A man believed to be the tallest on the planet at 8ft 4 inches has died aged 44.
Leonid Stadnyk, who was said to be too shy to measured for the Guinness World record books, was 21 inches taller than lanky England footballer Peter Crouch.
The peasant farmer, from the Ukrainian village of Podoliantsy, died yesterday from a brain haemorrhage after health problems.
Of his size, Leonid had said: “To me, my height is a curse, a punishment from God, not something to celebrate. What sin I have committed, I do not know. All my life I have dreamed of being just like everyone else. “
He added: “I don’t want or need the fame that this would bring so I have no desire to be in this Guinness book.”
He was scared to commit to women “because I don’t want to inflict my problems on a wife. I think it would not be fair on her”, he said.
His astonishing rise to fame began at 12, when a benign brain tumour over-stimulated his body’s production of a growth hormone.
At one point, his condition, called giganticism, left him growing at the rate of roughly a foot every three years.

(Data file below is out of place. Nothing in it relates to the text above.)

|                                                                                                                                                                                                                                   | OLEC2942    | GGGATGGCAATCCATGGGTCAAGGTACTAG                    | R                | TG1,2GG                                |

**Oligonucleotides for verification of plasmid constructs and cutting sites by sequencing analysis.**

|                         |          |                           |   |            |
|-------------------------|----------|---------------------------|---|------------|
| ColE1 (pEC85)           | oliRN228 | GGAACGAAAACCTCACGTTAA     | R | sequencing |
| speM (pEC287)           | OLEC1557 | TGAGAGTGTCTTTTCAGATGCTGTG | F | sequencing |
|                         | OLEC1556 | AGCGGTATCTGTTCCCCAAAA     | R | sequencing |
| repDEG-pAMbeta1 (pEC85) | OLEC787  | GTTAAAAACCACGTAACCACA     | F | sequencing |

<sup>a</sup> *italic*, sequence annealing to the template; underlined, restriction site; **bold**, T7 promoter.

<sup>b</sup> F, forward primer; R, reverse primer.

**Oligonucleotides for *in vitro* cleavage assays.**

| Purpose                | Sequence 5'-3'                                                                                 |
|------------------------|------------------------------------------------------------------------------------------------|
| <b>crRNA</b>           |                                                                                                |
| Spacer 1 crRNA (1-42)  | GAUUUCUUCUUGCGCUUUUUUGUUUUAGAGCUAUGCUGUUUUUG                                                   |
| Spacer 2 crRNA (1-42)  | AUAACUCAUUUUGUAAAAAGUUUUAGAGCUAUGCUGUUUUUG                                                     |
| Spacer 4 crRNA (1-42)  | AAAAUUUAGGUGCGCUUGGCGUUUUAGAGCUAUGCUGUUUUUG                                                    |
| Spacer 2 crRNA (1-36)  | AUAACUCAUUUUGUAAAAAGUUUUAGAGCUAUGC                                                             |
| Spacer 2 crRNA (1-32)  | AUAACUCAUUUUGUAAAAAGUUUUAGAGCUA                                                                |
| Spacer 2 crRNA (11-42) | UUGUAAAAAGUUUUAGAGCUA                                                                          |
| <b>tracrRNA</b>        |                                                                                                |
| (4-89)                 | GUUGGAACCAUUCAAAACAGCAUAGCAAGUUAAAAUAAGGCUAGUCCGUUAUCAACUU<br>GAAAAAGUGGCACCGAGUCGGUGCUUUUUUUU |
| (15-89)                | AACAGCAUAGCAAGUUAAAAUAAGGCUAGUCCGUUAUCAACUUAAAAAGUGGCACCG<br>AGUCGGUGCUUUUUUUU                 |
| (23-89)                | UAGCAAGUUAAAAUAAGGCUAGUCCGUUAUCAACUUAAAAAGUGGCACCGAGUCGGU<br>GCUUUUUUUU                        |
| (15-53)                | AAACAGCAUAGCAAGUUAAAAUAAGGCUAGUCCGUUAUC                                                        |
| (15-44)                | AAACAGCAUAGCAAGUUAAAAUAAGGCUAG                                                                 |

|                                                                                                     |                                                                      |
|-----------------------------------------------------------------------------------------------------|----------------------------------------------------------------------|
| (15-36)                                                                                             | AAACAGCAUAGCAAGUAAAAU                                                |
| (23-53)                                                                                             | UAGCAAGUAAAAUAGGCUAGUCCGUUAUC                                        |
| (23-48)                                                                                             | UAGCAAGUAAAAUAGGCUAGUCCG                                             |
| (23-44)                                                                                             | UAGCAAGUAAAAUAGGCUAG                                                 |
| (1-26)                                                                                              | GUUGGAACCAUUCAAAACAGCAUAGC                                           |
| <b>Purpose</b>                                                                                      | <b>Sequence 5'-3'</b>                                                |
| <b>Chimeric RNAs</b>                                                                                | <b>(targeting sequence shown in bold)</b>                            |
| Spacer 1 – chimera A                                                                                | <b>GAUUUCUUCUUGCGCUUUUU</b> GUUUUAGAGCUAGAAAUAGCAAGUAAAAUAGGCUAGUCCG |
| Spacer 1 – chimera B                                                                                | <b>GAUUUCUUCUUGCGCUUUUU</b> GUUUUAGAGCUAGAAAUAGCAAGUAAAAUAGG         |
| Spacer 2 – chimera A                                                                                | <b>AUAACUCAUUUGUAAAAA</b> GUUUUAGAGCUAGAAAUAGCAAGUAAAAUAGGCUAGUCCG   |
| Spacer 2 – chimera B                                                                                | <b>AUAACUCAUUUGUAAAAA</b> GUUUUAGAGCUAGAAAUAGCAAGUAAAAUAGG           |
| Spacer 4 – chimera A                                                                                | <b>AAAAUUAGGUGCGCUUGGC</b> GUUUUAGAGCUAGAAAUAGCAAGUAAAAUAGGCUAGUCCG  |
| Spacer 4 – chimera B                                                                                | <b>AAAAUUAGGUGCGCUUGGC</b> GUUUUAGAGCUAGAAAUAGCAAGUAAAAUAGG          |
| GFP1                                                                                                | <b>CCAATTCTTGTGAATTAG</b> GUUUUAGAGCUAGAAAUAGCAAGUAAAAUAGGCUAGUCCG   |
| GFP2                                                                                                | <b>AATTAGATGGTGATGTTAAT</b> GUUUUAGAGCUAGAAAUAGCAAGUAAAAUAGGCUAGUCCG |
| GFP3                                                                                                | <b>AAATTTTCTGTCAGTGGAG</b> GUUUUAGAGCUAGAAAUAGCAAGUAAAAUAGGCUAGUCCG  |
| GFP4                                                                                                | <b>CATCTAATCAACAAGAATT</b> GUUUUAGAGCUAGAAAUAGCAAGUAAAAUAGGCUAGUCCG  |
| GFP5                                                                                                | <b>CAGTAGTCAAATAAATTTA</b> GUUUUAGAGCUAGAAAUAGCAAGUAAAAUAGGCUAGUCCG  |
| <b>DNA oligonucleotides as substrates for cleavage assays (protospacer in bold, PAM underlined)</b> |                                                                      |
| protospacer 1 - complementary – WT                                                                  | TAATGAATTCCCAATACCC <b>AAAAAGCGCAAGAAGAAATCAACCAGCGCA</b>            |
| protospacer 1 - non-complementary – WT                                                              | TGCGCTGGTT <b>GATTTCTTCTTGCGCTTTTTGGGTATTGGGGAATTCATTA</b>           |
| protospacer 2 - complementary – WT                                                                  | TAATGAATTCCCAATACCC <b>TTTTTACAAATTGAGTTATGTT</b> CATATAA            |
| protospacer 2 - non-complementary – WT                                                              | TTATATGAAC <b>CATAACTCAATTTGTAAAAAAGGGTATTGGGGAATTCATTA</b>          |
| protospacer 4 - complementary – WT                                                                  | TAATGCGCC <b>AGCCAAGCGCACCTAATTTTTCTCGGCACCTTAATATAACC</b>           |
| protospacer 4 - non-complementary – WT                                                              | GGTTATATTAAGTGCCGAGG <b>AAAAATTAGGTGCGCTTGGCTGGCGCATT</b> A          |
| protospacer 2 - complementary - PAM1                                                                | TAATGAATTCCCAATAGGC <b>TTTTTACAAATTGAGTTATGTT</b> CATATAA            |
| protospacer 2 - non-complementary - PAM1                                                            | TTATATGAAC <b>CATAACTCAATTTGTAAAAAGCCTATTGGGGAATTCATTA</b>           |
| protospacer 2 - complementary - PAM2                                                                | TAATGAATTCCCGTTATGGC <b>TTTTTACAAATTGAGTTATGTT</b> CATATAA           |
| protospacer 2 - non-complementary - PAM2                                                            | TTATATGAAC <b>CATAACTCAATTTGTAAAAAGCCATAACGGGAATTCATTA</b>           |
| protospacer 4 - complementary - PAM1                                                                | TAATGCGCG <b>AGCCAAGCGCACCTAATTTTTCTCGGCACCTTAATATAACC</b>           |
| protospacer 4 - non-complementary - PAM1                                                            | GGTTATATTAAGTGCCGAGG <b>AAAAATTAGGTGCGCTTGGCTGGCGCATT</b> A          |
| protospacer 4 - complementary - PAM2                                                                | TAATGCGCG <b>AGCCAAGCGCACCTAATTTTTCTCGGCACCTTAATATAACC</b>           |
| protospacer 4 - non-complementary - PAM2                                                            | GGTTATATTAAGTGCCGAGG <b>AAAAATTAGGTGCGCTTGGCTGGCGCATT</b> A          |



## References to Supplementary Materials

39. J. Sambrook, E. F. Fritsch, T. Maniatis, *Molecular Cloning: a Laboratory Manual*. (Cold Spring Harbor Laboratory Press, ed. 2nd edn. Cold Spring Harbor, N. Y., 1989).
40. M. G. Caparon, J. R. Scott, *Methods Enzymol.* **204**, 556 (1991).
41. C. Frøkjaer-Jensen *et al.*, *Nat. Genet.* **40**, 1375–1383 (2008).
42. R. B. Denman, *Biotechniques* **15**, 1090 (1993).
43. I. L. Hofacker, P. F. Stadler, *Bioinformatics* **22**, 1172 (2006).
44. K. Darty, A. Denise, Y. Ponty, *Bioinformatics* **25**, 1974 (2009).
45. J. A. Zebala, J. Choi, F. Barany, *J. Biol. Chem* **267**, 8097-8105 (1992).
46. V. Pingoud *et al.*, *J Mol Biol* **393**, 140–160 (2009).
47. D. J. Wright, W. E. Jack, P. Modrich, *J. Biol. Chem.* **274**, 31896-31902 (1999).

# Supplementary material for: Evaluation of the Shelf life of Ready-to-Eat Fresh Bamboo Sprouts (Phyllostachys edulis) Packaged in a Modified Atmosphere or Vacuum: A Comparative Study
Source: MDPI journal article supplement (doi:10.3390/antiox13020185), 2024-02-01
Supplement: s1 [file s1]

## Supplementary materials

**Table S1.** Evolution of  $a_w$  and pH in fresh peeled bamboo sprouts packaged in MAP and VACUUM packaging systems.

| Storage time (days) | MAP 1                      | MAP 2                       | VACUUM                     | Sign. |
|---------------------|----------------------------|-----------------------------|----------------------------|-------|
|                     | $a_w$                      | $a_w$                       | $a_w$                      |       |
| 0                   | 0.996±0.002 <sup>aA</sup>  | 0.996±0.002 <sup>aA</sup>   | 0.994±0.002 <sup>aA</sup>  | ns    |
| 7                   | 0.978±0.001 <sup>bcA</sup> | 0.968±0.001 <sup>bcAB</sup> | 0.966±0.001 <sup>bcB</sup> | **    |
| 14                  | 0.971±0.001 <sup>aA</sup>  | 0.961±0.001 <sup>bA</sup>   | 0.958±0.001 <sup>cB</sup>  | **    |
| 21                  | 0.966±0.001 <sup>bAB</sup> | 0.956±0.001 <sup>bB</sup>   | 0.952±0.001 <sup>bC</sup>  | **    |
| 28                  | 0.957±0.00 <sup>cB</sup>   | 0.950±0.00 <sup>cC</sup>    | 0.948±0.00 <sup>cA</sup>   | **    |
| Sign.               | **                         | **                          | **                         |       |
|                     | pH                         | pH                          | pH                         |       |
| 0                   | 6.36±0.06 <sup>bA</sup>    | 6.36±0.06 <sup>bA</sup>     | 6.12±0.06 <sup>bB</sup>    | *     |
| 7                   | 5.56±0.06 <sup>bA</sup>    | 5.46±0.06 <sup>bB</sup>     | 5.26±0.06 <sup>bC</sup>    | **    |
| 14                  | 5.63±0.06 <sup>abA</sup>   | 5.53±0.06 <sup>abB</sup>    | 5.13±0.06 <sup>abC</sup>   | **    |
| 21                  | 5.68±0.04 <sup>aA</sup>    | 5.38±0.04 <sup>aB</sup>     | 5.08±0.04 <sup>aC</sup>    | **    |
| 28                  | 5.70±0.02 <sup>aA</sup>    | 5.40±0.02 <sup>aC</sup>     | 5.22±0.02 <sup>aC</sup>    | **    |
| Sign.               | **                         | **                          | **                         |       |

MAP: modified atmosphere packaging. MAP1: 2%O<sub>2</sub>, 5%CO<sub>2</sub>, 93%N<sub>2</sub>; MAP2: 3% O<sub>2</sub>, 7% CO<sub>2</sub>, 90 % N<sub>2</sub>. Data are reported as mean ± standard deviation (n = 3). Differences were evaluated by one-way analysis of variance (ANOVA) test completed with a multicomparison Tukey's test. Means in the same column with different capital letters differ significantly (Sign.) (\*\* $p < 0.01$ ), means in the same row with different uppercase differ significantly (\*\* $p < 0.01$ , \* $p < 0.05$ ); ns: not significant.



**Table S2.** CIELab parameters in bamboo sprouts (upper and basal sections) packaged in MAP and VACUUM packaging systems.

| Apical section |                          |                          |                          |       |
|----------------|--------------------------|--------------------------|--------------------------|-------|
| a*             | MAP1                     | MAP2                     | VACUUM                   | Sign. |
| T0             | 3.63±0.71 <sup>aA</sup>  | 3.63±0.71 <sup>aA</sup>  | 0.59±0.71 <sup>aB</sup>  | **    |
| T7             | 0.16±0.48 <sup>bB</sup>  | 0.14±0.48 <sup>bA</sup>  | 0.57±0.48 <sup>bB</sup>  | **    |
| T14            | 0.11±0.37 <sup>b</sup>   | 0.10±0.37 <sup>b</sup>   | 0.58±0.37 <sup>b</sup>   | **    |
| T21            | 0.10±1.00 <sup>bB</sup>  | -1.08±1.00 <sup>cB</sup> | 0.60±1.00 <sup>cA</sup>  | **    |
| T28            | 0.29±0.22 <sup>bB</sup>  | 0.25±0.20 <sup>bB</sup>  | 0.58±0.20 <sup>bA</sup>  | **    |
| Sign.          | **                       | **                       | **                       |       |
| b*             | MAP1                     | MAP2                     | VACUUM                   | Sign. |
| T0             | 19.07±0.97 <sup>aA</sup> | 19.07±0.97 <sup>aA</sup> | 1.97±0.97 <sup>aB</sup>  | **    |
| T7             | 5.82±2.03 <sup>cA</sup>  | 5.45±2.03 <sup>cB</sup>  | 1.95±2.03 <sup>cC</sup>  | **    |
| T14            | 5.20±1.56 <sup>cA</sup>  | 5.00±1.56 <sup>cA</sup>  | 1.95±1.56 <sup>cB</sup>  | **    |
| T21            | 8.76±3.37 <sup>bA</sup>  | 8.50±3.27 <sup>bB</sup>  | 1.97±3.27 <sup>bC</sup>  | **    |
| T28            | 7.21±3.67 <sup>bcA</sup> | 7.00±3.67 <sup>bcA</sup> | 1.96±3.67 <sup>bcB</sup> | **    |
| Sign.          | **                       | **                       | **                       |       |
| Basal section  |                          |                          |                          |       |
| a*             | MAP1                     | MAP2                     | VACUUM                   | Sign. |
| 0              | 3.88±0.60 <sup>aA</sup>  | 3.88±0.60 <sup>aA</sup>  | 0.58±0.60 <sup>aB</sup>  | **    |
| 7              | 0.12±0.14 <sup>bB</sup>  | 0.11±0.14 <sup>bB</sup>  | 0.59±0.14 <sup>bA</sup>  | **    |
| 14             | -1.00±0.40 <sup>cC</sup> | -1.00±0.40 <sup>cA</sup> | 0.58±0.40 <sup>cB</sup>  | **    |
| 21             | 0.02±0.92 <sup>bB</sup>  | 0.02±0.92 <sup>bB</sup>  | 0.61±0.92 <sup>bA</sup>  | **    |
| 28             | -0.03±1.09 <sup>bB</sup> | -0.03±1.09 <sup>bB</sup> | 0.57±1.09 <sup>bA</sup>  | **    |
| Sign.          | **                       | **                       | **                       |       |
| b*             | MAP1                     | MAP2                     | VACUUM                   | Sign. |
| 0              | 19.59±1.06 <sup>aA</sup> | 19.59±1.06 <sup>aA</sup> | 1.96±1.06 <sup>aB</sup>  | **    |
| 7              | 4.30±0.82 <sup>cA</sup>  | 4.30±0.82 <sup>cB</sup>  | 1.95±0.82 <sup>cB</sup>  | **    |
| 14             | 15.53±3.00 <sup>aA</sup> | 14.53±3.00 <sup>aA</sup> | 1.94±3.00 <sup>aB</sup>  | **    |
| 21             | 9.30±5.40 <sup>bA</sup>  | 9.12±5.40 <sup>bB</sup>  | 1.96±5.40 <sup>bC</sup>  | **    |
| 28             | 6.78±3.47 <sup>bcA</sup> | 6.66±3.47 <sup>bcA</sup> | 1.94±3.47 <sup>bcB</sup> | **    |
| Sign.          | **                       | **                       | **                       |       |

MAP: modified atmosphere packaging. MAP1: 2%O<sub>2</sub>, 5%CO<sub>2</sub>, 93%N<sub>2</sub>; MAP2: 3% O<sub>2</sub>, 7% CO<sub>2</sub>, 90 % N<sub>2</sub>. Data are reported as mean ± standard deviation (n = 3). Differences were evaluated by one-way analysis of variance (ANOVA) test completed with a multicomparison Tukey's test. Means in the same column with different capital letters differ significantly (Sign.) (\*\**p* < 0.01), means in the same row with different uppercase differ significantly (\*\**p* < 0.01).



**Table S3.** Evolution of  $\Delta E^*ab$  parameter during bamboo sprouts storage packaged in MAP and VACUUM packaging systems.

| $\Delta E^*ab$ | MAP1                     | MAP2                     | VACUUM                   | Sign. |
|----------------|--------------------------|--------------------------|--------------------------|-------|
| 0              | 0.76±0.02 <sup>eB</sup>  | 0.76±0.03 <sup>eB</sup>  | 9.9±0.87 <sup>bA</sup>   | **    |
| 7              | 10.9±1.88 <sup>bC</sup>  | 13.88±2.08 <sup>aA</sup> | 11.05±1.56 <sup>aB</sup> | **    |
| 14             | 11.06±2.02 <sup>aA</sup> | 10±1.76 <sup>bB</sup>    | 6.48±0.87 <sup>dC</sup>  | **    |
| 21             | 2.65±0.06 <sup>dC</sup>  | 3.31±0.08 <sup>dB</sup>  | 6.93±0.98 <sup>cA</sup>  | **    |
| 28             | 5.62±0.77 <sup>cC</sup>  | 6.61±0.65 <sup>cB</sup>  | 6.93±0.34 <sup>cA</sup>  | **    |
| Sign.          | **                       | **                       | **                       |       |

He wore size 27 shoes (in UK sizes) for feet that measured almost 18 inches in length while his palms were more than a foot in diameter.
But unable to independently verify his measurements, Guinness instead officially listed Xi Shin at fractionally under 7ft 9 inches as the world’s tallest man.
“We have contacted Stadnyk, but he seems like a very shy guy,” said a Guinness World Records spokeswoman. “He doesn’t want us around. So we have to stick to what we have.”
Talking about life, he explained how his height prevented him following his desired career.
“I was trained as a vet and loved my work,” he said.
“But gradually I found that I couldn’t get the shoes I needed in winter to protect me from the frostbite. I just couldn’t keep on with this work.”
He took over the family smallholding.
“Stooping from my height to pull up the weeds is not easy, I can tell you. It puts a lot of strain on my back,” he said.
“I know I’m the tallest man but at the same I often feel one of the most helpless. This life is for smaller people.”
Once he went to Germany on a rare trip outside Ukraine.
“It was like another planet – I am glad I saw it but felt a bit like an alien there.”
There was no bed big enough: he had to sleep on a billiard table.
His neighbours knew him as a kind a generous man, always ready to help.
One, Bronyslave, said he was “the most unselfish, diligent man of a pure soul.”